With a citizen science approach, we intend that all the participants will be co-scientists within the project. All the data, feedbacks and resources that participant gather and share is of uttermost importance to understand the overall results. Such information gathered and shared with the help of participants constitutes open science, an ideology that is imperative in driving such a far-reaching endeavour where we hope to balance the need to unravel such a complex matter while encouraging inclusiveness for all as we plan to evolve this service into a long term commercial venture.

All the data will be fully anonymised for scientific publications and the social media linked to the project will give room for debate and exchange of information between us and our co-scientists.

Support us and become a co-scientist

Our project is to develop a sustainable business that helps regenerate soils extracting metal contaminants using UK (or local) native plants and then harvest them and upcycle them to high value products.

The business will ensure natural metal recovery, resilient metal supply, and green methods for the upcycling of the products. Our group is committed to work on environmental improvements through responsible resourcing and manufacturing.

You can participate in our project by donating to our cause and receive rewards such as project booklets, seed packets, and your own grass or soil analysis. 

Meet the Principal Investigator(s) for the project

Dr Lorna Anguilano
Dr Lorna Anguilano - Lorna Anguilano is a Senior Research Fellow, Quality Manager of the Experimental Techniques Centre and the Assistant Director of the Wolfson Centre for Sustainable materials development and Processing. Lorna’s background is in applied mineralogy with a PhD in Archaeometallurgy and a wide experience of material characterisation through X-Ray Diffraction, X-Ray Fluorescence, Scanning Electron Microscopy and Electron Back-Scattering Diffraction. She provides consultancy in material characterisation and failure’s diagnosis as well as actively generates and develops research in materials characterisation and development. Her research focuses on the overarching concept of upcycling waste and recovery of secondary raw material with a keen interest on metal and polymer recycling for energy and aquaculture applications and phytomining of critical raw materials. Lorna is also continuing her research in the archaometallurgical field.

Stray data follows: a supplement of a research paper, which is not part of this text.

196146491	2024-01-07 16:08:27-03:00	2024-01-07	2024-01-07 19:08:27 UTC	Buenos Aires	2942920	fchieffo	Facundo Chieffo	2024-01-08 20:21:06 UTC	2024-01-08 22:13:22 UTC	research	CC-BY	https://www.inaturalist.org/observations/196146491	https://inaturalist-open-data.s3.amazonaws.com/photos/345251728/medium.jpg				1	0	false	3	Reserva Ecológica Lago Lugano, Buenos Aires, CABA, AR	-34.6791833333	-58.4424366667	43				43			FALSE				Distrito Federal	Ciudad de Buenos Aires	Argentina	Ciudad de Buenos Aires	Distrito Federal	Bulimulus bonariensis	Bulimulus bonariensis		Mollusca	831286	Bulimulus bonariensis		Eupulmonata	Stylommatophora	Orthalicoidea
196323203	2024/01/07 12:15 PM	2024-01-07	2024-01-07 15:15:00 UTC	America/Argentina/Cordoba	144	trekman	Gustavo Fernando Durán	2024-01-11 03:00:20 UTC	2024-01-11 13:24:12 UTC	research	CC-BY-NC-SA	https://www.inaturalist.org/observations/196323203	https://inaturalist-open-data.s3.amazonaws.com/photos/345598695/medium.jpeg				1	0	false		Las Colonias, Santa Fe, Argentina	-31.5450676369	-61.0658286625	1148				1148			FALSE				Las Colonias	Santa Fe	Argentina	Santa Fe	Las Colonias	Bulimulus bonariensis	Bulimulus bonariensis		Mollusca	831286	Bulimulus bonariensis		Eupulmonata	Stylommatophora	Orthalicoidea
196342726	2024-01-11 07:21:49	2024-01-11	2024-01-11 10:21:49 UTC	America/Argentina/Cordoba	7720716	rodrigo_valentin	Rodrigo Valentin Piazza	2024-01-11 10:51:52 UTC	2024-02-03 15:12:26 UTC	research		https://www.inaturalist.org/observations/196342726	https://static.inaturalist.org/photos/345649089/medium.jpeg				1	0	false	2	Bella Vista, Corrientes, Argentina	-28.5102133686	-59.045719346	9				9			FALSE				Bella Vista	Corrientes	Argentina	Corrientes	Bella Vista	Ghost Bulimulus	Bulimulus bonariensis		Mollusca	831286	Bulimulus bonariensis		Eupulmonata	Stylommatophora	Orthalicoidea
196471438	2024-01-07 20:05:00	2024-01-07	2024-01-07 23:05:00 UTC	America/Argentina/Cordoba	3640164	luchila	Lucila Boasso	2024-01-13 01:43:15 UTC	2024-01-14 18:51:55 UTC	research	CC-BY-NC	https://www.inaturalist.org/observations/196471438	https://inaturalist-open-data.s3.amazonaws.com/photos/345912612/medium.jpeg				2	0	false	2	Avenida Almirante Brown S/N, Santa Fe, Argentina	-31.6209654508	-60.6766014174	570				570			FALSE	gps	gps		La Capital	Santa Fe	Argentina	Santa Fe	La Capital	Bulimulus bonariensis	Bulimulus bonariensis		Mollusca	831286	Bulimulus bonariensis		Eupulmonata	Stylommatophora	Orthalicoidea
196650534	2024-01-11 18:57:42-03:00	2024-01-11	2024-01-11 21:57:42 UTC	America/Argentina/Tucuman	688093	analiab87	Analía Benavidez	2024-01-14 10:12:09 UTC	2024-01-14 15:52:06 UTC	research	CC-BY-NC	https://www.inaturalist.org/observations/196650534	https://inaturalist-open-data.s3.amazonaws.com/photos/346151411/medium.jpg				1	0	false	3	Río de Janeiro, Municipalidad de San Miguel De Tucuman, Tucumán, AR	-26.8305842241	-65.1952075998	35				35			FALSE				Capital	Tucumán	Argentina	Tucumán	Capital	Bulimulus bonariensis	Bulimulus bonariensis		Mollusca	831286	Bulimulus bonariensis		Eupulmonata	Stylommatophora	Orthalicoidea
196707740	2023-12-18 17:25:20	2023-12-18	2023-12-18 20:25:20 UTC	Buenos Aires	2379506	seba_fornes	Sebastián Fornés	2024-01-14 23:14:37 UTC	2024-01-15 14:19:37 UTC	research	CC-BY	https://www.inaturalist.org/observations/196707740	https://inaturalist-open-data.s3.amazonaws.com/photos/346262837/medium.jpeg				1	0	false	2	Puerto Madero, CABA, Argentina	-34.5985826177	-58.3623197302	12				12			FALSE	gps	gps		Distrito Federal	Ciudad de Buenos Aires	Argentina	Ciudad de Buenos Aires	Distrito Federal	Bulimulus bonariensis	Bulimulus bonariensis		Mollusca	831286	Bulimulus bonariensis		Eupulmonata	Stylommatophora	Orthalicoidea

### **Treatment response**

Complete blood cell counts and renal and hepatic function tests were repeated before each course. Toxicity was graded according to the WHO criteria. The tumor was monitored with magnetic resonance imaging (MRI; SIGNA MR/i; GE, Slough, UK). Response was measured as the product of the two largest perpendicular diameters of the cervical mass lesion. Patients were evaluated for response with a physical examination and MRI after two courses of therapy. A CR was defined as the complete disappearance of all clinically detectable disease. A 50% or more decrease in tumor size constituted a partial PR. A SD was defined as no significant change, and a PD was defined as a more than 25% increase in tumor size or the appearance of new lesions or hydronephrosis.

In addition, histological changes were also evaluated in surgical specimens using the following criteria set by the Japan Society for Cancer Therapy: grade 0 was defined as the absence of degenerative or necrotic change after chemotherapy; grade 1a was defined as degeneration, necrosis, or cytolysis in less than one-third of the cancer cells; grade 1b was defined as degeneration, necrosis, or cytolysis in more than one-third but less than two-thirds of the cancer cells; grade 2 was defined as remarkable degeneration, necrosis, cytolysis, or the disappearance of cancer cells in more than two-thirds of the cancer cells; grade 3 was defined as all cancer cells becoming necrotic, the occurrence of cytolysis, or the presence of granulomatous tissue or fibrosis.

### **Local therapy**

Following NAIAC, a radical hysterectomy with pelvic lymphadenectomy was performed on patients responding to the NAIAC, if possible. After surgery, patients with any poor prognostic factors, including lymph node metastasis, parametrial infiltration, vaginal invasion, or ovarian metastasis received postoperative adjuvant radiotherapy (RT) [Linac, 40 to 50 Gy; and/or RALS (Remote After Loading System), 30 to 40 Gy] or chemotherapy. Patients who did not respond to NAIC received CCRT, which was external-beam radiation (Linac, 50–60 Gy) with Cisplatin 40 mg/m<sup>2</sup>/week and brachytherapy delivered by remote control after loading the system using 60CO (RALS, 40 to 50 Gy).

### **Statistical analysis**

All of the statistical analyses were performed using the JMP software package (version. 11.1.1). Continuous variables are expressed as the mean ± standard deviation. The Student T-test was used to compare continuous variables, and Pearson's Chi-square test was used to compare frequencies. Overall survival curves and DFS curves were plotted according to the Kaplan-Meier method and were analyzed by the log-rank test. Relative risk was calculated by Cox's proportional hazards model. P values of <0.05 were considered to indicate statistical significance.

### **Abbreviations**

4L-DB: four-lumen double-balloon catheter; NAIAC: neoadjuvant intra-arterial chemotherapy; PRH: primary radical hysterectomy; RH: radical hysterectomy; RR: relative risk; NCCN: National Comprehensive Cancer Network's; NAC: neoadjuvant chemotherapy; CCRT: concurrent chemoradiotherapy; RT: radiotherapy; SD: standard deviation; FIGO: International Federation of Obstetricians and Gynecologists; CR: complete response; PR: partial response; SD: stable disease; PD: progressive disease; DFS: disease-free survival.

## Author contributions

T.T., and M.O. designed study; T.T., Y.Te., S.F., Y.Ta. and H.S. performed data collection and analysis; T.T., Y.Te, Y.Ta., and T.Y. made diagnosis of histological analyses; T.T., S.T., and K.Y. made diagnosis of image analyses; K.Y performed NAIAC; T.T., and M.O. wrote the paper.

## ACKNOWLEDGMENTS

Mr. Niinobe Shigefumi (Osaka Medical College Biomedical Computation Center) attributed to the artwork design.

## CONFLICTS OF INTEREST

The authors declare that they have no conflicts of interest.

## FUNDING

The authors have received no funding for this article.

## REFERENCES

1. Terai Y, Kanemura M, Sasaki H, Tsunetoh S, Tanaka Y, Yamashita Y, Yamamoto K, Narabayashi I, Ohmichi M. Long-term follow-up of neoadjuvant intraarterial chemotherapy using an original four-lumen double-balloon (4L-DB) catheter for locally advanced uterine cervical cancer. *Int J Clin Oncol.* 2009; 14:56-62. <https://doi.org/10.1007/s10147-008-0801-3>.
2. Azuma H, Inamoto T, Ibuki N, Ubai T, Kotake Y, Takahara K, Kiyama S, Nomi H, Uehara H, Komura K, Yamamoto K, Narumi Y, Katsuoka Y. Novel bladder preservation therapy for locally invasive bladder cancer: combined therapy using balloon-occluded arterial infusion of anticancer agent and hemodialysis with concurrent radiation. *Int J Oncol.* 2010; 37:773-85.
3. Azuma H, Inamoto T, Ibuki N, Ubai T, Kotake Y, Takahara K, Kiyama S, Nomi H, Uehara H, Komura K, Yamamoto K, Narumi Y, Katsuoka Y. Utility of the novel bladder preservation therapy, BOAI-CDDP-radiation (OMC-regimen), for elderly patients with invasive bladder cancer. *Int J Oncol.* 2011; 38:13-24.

Related Research Group(s)

ETC lab

Experimental Techniques Centre - A highly regarded cross-disciplinary characterisation facility, with specialist staff that have expertise from various scientific disciplines, e.g. biology, metallurgy, geology and engineering.


Wolfson Centre for Sustainable Materials Development and Processing - Research into the development and processing of new materials including nano-materials, nano-phosphors and nanostructured carbon, biofuels, polymers and bio-polymers.

Partnering with confidence

Organisations interested in our research can partner with us with confidence backed by an external and independent benchmark: The Knowledge Exchange Framework. Read more.

Project last modified 02/10/2023